China will be more open about the often secretive workings of the government and Chinese Communist Party (CCP) in the coming year, although strict controls over the Internet would remain in place, a senior propaganda official said yesterday.
Officials will expand the use of government spokespeople, boost the overseas reach of state media, and further promote the use of microblogs to interact with the public, Chinese State Council Information Office (SCIO) Minister Wang Chen (王晨) told reporters.
“In this new year, we will adopt an even more open attitude and even more forceful policies,” Wang said.
Chinese government departments have traditionally been tightlipped, a result of authoritarian one-party rule in which officials had little accountability to the public and policies were drafted in high-level meetings without input from ordinary citizens.
However, amid rising incomes and increased demand for transparency and efficiency, departments over the past decade have appointed spokesmen to deal with media and the general public and released an increasing flow of information.
Wang said news and -information about the government’s day-to-day activities as well as emergency responses would be expanded and systematized. Spokesmen would receive intensified training with an emphasis on obtaining first-hand information rather than simply passing on information from other departments, he said.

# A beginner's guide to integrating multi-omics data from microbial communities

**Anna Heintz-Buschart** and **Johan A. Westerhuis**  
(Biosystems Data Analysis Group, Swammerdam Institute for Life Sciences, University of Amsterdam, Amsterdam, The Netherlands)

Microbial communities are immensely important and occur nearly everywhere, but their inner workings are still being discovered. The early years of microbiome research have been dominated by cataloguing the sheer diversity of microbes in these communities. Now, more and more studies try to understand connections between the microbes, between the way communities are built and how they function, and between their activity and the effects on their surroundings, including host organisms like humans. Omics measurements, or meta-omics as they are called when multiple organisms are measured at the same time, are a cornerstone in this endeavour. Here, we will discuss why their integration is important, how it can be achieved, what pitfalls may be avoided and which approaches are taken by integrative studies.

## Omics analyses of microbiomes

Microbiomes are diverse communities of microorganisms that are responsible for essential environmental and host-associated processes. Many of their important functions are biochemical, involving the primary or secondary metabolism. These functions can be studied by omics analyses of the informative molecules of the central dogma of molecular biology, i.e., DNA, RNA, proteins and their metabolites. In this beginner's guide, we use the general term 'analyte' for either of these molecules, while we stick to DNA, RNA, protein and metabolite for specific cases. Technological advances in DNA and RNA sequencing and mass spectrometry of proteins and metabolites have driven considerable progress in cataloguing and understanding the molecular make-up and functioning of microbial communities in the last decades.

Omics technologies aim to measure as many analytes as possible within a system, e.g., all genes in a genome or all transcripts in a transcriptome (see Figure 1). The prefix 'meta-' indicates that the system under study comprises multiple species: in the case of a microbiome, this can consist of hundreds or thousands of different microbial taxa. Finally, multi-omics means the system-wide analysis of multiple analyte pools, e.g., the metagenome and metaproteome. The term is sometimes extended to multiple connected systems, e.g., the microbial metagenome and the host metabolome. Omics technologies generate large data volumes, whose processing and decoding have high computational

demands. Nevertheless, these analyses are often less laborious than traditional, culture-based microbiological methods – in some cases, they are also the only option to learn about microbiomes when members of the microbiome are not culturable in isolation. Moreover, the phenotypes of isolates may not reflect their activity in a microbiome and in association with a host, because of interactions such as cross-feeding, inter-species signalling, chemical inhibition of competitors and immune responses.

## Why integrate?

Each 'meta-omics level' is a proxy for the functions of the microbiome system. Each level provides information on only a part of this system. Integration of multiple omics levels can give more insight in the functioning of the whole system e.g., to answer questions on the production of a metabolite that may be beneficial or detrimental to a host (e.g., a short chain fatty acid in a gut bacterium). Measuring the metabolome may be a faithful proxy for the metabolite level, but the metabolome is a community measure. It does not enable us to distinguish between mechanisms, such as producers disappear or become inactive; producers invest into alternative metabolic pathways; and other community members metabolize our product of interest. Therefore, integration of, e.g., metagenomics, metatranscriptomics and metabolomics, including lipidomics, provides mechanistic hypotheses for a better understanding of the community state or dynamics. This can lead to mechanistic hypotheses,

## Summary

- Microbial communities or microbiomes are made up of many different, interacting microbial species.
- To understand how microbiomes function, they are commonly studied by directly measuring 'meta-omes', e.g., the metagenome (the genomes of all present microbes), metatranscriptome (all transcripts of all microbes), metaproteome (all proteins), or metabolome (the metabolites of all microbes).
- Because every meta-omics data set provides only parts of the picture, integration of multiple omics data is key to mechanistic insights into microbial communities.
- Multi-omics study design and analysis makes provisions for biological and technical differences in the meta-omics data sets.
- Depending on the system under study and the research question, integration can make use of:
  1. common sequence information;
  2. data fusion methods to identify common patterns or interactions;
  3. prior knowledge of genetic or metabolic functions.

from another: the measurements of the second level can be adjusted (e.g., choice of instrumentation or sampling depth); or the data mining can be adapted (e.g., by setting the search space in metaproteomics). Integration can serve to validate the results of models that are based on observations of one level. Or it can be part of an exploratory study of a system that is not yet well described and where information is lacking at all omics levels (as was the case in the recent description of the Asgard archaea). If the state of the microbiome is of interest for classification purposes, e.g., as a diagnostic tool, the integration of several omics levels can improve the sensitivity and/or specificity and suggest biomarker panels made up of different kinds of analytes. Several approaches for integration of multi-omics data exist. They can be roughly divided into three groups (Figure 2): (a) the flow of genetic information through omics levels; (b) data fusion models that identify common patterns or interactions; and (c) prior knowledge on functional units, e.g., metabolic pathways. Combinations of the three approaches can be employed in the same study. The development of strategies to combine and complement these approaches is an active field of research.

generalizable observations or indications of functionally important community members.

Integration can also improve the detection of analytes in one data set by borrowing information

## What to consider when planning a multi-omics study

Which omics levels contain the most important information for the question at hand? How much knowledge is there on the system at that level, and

Meanwhile, China will expand real-name registration for microblog users, the government’s propaganda and information arm said yesterday, in its latest step to better control China’s wildly popular Twitter-like Web sites.
Officials acknowledge that microblogs are useful as an outlet for critical public opinion, but have repeatedly accused them of spreading what they call unfounded rumors and vulgarities. They have issued warnings that online content must be acceptable to the CCP.
The Beijing city government said last month it would tighten control over microblogs, which have vexed authorities with rapid dissemination of news. The government said it would give users three months to register with their real names or face legal consequences. Other major cities followed suit.
“Currently, this type of registration is being tested in Beijing, Shanghai, Tianjin, Guangzhou and Shenzhen, and we will extend it to other areas once the pilot programs prove successful,” Wang told reporters in Beijing.
A unit of the SCIO, the State Internet Information Office, is the main agency responsible for regulating the Internet.
Wang said name verification would be standard for new users of microblogs, such as Sina’s Weibo, which allow users to issue short messages of opinion — a maximum of 140 Chinese characters — that can course through chains of followers who receive messages instantly.
Existing users will be required to register later, he said.
“Microblogs on one hand can reflect the social situation and public opinion and broadcast a positive public voice,” Wang said. “At the same time, microblogs ... can make it easy to disseminate a few irrational voices, negative public opinion and harmful information.”